In one embodiment, contact information may also be from or within a user's IM friends list, a buddy list, an address book, email history log, an IM conversation log, a VOIP store, or the like. However, the contact information may also be obtained indirectly through monitoring various interactions of a user. Thus, for example, the contact information may be extracted based on content within a message between the user and another member of a social network. For example, in one embodiment, the user and the other member may include information about a third person, or the like. Such third person information may also be obtained, in one embodiment, and stored within user profiles 351. Similarly, various network behavior of a user, or other social networking member, may also be obtained, including, for example, websites visited, types of information searched for by the user, types of content downloaded, where the content is downloaded from, or the like. Information may also be obtained from another member's social networking contact information which may be useable for modifying a search by the user. Thus, second or higher degree of separation information may also be obtained from other members of the social network, and stored within user profiles 351. In one embodiment, such information may be arranged and configured into a hierarchical relationship based, for example, on degrees of separation.
In one embodiment, location information based on a user's physical location, account registration information, or the like, may also be stored within user profiles 351. Such information may indicate that the user resides in a particular town, neighborhood, city, or the like, within a particular county, state, country, or the like. Such location information may also be configured and arranged, in one embodiment, in a hierarchical relationship.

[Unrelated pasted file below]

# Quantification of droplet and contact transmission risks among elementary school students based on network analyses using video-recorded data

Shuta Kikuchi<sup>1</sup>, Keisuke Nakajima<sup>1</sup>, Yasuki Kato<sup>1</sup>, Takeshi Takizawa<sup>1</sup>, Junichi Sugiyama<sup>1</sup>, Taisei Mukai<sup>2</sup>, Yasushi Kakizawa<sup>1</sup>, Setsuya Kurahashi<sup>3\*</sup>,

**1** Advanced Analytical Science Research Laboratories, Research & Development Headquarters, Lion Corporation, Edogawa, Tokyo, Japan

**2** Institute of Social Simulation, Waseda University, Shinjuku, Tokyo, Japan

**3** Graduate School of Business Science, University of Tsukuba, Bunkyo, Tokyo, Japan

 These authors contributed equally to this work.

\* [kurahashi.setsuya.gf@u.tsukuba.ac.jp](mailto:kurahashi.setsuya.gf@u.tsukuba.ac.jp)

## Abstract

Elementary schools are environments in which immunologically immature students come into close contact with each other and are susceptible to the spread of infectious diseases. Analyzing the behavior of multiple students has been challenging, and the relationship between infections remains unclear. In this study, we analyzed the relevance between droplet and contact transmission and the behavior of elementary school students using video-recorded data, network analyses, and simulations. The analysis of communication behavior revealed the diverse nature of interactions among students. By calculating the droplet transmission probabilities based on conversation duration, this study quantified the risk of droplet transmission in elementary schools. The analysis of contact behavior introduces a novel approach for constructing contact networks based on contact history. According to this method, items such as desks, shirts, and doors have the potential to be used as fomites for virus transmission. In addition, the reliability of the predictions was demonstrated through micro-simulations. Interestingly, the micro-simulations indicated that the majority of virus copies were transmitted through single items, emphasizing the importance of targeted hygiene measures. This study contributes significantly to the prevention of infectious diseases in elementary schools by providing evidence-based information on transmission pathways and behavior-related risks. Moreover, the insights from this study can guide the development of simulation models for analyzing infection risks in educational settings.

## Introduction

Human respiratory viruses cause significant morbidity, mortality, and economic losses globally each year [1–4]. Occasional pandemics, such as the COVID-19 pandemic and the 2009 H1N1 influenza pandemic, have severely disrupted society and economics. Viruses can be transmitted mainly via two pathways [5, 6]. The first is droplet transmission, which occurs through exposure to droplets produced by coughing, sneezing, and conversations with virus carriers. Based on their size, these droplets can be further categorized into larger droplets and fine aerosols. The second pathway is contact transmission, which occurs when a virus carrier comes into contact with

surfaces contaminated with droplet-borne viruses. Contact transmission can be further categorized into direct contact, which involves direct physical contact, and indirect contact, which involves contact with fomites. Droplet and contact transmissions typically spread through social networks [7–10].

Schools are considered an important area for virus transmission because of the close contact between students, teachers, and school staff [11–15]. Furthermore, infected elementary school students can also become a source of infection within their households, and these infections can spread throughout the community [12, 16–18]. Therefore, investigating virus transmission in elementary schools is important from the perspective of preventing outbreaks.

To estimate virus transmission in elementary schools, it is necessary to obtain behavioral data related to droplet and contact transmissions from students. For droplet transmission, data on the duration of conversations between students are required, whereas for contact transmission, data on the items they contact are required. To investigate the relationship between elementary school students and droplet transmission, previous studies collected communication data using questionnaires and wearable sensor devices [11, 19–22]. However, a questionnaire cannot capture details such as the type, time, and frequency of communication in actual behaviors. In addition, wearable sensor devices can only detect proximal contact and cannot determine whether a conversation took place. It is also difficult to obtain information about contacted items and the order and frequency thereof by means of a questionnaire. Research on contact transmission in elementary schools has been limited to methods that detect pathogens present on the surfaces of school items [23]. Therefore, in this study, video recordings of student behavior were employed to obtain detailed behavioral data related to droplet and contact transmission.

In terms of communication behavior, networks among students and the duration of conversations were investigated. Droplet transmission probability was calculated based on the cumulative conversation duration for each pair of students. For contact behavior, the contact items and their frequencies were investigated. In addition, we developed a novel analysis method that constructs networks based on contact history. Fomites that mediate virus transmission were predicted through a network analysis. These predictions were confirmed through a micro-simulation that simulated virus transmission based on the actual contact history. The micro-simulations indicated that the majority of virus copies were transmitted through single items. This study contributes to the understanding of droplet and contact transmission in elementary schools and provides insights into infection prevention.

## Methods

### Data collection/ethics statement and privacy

Mass memory may further include search/rating data store 352. Search/rating data store 352 may include a database, text, spreadsheet, folder, file, or the like, that may be configured to maintain and store search terms and phrases provided by one or more users, including product and/or service providers. In one embodiment, the search/rating data includes rating data provided by a user and/or product/service provider. In another embodiment, at least some of the rating data may be aggregated over a plurality of inputs. In one embodiment, search/rating data store 352 may also include user entered tags that enable additional searches to be performed on the data. For example, a user may enter a user specific tag, or general use tag for an item in search/rating data store 352. In one embodiment, the user specific tag may be identified to the user through the user's profile, account identifier, or similar identifier. Moreover, ratings may also be identified to the user that provided the rating. In this way, items within the search/rating data store 352 may be searched based on the user that input a rating. Ratings may also be evaluated and feedback may be provided to the user that input the rating. For example, in one embodiment, a rating provider may be able obtain feedback that their rating was used by another search user. When they look at a list result, they might be shown how many times their rating opinion were included in a search result provided to other users. Being able to see tangible impact of ones ratings may enable the user to obtain positive feedback, which in turn may further encourage users to provide additional ratings. Associating a user to their input also enables the invention to create and maintain a quality of review validation for the inputs.